India sought help in IC-814 case; FBI said ‘no fishing’


Staff member
Chennai March 23:

The Federal Bureau of Investigation (FBI) did not respond to Indian requests for assistance in the investigation into the IC-814 hijacking as it did not want to cooperate in what it internally described as “fishing expeditions.”

Wearying of playing the go-between, the U.S. Embassy in New Delhi urged Washington to bring to an end “this ongoing cycle of requests” by giving the Indian government a “clear negative response” rather than “perpetuating a fruitless dialogue.”

But on a later occasion, it urged greater cooperation with Indian investigators in the interests of the developing bilateral strategic relationship. U.S diplomatic cables of 2005, accessed by The Hindu through WikiLeaks, reveal how wary Washington was just a few years before the Mumbai 2008 attacks about sharing information with India, especially where it concerned Pakistan.

The Indian Airlines flight from Kathmandu to New Delhi was hijacked and taken to Kandahar in Afghanistan in 1999. India surrendered to the hijackers' demand for the release of three militants including Masood Azhar, who went on to form the Jaish-e-Mohammed. In exchange, the government secured the freedom of all but one — the hijackers killed him — of the 178 passengers and 15 crew on board the aircraft. The Taliban government in Afghanistan provided safe passage to the five hijackers and the three released militants.

India registered a case and began investigations into the hijacking. The U.S. too registered a case as there was one American citizen among the passengers. When U.S. forces invaded Afghanistan in 2001 after the 9/11 attacks, ousted the Taliban government and detained many of its leaders, India asked the Americans for access to those linked to the hijacking. New Delhi also wanted access to records the U.S. may have seized in Afghanistan that could help India's case.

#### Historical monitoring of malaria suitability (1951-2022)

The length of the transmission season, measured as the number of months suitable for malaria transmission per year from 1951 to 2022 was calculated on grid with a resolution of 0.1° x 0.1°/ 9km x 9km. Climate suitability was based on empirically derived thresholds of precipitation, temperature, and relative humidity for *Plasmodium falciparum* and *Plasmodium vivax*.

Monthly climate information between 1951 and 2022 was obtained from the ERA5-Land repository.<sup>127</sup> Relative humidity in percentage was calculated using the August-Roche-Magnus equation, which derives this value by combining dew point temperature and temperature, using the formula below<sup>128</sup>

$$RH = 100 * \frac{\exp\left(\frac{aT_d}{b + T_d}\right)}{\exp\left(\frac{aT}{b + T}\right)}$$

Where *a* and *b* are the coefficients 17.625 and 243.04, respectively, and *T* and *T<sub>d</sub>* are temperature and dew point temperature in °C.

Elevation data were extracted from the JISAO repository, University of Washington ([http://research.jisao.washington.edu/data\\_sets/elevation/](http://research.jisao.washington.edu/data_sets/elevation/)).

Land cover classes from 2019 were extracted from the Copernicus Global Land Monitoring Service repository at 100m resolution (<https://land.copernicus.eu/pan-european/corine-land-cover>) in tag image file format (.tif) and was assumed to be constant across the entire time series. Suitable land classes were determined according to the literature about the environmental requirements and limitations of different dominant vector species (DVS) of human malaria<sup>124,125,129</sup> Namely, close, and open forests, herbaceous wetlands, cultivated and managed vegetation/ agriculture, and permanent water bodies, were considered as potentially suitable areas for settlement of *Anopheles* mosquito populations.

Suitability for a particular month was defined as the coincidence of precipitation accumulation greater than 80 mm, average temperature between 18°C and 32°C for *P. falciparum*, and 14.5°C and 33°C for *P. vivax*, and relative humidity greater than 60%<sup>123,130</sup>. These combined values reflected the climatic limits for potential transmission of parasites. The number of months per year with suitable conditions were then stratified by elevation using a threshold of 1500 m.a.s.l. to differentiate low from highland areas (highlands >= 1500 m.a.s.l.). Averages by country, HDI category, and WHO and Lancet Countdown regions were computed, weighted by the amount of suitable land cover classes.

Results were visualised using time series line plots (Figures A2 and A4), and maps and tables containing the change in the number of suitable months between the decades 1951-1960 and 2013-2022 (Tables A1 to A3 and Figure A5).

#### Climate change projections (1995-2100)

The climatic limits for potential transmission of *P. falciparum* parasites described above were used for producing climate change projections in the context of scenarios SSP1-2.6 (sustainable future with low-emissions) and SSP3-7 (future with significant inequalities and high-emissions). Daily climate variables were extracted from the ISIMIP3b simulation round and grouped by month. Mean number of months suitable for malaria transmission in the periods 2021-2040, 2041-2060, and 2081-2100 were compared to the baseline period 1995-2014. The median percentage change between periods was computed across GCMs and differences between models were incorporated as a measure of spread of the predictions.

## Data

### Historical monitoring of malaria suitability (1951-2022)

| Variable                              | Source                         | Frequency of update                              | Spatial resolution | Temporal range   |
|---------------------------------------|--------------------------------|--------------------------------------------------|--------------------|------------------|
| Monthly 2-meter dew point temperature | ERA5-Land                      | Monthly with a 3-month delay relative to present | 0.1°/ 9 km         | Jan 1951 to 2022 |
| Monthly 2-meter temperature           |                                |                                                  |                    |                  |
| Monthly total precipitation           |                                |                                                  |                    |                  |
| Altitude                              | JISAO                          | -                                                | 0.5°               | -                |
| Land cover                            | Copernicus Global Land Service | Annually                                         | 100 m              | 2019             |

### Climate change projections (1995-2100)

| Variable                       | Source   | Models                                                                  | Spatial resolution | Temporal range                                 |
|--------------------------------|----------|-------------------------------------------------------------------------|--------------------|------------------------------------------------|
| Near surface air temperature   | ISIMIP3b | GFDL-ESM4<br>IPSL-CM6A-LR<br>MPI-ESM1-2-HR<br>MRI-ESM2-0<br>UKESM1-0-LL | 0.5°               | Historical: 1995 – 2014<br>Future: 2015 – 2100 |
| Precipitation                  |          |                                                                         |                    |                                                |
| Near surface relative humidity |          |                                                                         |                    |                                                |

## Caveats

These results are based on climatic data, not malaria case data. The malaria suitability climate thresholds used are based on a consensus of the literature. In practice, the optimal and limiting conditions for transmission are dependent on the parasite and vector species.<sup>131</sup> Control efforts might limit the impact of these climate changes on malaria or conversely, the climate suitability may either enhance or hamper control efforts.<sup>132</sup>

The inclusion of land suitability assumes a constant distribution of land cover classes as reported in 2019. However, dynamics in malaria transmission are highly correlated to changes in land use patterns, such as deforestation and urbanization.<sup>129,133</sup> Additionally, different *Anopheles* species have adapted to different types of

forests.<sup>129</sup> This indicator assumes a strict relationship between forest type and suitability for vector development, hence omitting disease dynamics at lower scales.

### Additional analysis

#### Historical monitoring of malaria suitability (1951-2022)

More than three years later, India was still pushing for its “pending requests”. In March 2005 and again in May that year (Cable 29497: confidential, March 24, 2005; 32567: confidential, May 13, 2005 ) the Ministry of External Affairs handed over identical “non-papers” — diplomatic jargon for an informal memorandum — to U.S. Embassy officials in New Delhi, reiterating the requests.

Both times, Deputy Chief of Mission Robert O. Blake transmitted the non-papers to Washington, along with the response from the Embassy Legal Attache, an FBI position in U.S. diplomatic missions. In both instances, the Legal Attache had the same response: “Legatt noted that the FBI has shared all its information relevant to the hijacking of IC-814 with the Central Bureau of Investigation (CBI), India's lead federal law enforcement agency, but has not acquiesced on requests it deems ‘fishing expeditions'.”

The only addition he made to his response in May was that he had not conveyed the FBI's “fishing expedition” sentiment to India. However, Mr. Blake added that the MEA request showed “senior-level attention to the IC-814 matter and perception at that level that the USG has been less than fully forthcoming.” Making an “action request,” he urged that “we need to bring an end to this ongoing cycle of requests […] and a clear negative response would be preferable to perpetuating a fruitless dialogue.

The FBI has reportedly exhausted its ability to cooperate, and we should directly inform both CBI and MEA to that effect, with specific confirmation on what evidence is or is not in US possession.” Later that year, Mr. Blake sent another cable on the subject (45536: secret, November 18, 2005), this time urging Washington to take the Indian request seriously: cooperate more. Reason: MEA Joint Secretary (Americas) S. Jaishankar had told him and the Embassy Political Counselor at a meeting on November 18 that “a USG failure to respond to earlier information requests […] regarding the hijacking of IC-814 could infringe on the broader US-India law enforcement/intelligence relationship.”

The trial of the 10 persons who were accused in the hijacking — seven of them in absentia — was winding down. Dr. Jaishankar conveyed “that the GOI, in absence of a US reply, will be forced to state in court that they are unable to proceed further due to US inaction.” Immediate action now, the MEA official said, “would forestall such an embarrassing event.” Mr. Blake urged that “to prove our new strategic partnership extends to the intelligence areas, we should share fully what we know. Such a step may prompt India to share more fully as well. Jaishankar is clearly testing the limits of our transformed relations.”

His requested action this time was “to verify the Indian's claims about the hijackers' detention status. If they are in USG detention, we should grant Indian access or share information we have gleaned on the IC-814 hijacking.”